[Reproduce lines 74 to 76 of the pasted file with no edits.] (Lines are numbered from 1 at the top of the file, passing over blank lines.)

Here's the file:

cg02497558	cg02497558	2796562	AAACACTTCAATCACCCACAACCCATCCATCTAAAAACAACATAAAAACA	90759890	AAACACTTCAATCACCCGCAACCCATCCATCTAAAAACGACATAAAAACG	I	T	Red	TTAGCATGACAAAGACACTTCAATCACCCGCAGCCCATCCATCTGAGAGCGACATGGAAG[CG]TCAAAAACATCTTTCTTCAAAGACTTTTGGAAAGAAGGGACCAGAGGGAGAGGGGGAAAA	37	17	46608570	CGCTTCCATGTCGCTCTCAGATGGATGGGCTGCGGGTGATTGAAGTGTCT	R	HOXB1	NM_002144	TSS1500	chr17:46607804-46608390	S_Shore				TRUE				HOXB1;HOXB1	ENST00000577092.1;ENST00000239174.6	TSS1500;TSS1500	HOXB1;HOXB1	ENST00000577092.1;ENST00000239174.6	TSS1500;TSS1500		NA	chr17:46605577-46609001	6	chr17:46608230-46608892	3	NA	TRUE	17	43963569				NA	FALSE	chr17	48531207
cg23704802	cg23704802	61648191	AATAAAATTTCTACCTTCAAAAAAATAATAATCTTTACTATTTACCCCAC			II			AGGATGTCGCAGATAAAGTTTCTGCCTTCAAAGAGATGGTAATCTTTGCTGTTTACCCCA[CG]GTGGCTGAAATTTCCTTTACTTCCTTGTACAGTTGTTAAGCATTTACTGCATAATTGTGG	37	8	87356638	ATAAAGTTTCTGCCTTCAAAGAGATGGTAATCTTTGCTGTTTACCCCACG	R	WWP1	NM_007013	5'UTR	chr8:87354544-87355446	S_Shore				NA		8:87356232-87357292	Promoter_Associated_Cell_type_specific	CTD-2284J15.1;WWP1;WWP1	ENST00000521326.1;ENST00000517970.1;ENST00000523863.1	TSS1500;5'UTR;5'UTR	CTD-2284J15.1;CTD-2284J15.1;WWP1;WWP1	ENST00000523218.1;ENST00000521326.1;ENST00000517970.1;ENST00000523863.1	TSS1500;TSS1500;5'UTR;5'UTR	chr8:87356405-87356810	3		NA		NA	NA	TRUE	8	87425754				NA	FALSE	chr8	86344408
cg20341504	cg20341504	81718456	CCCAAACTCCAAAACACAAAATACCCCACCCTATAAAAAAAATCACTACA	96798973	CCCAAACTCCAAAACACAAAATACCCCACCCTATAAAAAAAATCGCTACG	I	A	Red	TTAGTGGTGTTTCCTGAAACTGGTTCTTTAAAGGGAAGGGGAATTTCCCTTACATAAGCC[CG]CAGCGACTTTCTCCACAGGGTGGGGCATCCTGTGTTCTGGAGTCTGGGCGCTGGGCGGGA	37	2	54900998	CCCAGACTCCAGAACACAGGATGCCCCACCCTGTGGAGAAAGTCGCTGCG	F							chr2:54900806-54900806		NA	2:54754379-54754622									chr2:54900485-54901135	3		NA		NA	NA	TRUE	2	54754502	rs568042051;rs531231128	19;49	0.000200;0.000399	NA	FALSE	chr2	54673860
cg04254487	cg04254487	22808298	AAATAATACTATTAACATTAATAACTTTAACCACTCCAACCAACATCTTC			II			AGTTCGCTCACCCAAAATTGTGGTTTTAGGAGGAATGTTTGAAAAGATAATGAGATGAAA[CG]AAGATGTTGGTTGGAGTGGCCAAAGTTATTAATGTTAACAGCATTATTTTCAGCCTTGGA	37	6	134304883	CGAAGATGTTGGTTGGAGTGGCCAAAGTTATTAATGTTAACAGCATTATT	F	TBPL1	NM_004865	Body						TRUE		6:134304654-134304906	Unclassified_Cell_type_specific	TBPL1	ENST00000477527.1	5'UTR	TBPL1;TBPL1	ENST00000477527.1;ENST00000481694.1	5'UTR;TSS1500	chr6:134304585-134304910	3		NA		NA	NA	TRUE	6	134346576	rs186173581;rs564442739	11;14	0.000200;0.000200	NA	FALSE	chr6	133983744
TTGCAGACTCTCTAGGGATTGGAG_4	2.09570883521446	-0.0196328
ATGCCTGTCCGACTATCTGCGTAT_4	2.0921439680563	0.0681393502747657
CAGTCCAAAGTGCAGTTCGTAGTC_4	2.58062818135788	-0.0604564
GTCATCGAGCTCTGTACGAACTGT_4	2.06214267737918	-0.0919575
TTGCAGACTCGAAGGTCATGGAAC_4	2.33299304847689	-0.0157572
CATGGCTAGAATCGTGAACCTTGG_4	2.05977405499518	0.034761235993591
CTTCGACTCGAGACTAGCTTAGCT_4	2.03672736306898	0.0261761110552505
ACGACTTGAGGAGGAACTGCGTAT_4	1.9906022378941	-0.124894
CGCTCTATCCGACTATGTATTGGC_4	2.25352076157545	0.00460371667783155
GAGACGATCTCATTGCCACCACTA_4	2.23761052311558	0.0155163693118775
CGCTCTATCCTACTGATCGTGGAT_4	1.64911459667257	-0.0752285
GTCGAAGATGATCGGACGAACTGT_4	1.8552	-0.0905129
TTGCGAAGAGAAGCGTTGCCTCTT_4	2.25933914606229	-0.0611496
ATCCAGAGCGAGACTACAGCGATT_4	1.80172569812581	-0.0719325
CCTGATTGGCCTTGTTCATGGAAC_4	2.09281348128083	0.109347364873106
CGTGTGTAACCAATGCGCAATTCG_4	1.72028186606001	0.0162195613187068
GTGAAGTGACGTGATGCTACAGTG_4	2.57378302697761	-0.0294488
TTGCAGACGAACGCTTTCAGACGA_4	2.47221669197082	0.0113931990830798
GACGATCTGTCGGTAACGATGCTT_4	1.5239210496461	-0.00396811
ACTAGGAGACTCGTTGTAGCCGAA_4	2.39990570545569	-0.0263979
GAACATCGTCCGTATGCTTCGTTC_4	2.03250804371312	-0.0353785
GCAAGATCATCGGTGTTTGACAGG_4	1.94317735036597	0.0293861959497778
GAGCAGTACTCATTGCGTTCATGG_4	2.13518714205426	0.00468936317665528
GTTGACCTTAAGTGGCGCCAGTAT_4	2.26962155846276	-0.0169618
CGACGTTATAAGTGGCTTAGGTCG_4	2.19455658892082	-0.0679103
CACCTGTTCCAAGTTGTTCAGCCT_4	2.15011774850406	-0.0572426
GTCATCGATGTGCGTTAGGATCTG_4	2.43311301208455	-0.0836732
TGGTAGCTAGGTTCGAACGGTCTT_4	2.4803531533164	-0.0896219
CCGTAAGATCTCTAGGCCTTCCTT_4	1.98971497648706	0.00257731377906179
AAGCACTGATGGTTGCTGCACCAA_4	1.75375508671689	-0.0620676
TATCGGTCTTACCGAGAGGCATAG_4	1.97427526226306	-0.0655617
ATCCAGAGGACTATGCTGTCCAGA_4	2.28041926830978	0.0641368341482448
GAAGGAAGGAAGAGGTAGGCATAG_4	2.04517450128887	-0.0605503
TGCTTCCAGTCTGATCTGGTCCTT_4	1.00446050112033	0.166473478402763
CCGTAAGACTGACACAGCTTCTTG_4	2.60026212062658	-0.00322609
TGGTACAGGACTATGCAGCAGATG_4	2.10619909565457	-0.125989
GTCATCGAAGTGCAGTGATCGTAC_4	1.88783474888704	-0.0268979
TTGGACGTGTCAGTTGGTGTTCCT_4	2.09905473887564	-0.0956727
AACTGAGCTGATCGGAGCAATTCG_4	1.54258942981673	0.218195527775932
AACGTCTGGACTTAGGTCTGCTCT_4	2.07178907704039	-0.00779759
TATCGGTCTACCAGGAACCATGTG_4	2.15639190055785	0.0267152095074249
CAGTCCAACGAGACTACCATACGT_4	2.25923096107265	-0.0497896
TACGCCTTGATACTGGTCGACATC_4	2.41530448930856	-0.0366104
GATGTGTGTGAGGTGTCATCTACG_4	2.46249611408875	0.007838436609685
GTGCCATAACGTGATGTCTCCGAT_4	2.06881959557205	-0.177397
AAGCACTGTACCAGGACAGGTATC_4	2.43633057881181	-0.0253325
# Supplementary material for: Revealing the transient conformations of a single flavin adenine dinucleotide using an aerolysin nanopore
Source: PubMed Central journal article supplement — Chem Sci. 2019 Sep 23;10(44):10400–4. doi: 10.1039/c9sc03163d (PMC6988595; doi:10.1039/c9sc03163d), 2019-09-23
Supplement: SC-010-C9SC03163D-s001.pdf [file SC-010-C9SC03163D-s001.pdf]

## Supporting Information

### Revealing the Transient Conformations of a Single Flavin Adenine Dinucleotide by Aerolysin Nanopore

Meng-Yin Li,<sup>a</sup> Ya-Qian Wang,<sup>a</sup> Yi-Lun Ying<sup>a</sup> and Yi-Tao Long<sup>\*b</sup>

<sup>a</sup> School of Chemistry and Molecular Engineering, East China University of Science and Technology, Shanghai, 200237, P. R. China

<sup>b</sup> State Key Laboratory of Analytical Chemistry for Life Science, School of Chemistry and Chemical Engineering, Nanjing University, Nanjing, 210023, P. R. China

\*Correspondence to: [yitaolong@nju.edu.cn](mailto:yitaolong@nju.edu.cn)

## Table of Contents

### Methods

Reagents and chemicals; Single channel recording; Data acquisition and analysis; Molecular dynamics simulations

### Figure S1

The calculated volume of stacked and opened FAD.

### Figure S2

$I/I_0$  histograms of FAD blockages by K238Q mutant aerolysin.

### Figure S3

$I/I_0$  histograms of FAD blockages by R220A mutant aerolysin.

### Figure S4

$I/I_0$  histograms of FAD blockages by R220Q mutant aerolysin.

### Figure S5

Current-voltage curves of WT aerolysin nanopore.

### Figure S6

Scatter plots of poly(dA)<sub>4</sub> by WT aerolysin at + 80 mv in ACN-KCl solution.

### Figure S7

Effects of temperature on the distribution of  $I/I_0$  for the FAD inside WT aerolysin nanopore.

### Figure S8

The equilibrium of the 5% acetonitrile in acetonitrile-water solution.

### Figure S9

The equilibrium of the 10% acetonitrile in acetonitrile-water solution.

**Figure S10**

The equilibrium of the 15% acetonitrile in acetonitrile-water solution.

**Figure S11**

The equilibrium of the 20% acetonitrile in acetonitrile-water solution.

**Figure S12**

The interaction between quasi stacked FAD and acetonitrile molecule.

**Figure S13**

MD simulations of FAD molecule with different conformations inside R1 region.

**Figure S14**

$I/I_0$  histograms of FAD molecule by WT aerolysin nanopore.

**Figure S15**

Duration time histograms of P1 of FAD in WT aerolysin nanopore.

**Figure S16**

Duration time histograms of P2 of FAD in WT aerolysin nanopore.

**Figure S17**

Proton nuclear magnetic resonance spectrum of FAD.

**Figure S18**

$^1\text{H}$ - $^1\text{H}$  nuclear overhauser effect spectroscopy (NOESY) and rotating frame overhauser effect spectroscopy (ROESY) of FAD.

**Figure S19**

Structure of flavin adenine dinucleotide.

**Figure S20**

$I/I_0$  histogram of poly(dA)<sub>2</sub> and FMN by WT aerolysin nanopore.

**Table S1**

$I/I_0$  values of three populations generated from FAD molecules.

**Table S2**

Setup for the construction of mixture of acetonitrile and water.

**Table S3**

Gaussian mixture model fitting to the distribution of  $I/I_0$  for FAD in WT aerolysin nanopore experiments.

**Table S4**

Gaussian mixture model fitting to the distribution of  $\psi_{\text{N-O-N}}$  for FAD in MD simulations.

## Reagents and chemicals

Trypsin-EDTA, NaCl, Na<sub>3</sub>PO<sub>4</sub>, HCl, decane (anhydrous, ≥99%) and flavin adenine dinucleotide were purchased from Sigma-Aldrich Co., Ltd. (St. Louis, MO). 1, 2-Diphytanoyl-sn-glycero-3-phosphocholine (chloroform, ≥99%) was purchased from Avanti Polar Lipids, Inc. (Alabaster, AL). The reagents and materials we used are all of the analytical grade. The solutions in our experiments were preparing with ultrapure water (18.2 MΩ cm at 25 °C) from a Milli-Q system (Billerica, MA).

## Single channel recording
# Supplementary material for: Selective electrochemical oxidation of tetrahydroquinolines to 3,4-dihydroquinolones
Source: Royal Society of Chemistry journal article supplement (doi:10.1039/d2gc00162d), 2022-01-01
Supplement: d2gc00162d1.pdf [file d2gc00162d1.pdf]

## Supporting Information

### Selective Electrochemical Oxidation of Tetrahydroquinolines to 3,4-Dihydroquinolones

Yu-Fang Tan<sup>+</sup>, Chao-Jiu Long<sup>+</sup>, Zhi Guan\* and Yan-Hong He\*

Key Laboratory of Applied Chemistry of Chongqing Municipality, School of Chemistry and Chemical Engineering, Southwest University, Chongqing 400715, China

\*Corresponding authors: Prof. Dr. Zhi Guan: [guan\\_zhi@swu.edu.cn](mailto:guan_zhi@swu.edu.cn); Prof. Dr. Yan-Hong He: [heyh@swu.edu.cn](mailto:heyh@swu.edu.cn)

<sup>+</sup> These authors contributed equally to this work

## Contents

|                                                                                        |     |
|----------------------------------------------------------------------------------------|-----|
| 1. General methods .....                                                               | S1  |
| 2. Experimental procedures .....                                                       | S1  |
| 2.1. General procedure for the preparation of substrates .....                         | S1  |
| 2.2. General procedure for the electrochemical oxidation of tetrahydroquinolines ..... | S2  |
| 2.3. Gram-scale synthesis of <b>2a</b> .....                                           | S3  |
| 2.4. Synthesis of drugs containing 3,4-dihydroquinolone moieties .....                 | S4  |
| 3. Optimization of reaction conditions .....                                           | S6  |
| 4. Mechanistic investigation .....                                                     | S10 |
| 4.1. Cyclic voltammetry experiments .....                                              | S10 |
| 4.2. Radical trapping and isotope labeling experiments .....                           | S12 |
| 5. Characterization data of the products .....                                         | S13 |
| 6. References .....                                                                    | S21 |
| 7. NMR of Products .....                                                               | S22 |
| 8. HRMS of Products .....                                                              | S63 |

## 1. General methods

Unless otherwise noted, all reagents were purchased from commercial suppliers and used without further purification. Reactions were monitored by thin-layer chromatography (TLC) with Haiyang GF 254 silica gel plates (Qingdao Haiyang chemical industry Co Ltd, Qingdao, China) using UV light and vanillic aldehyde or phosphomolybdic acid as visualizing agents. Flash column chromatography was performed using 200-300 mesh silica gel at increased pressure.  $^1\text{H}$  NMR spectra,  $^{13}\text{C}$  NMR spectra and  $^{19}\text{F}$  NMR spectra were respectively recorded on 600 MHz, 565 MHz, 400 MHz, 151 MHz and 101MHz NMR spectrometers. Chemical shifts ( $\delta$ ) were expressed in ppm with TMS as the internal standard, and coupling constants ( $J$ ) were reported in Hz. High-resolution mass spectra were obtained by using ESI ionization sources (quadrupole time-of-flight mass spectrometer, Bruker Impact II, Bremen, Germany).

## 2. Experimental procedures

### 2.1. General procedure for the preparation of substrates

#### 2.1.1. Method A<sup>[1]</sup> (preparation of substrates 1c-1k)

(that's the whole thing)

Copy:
Scatter plots of poly(dA)<sub>4</sub> by WT aerolysin at + 80 mv in ACN-KCl solution.

### Figure S7

Effects of temperature on the distribution of  $I/I_0$  for the FAD inside WT aerolysin nanopore.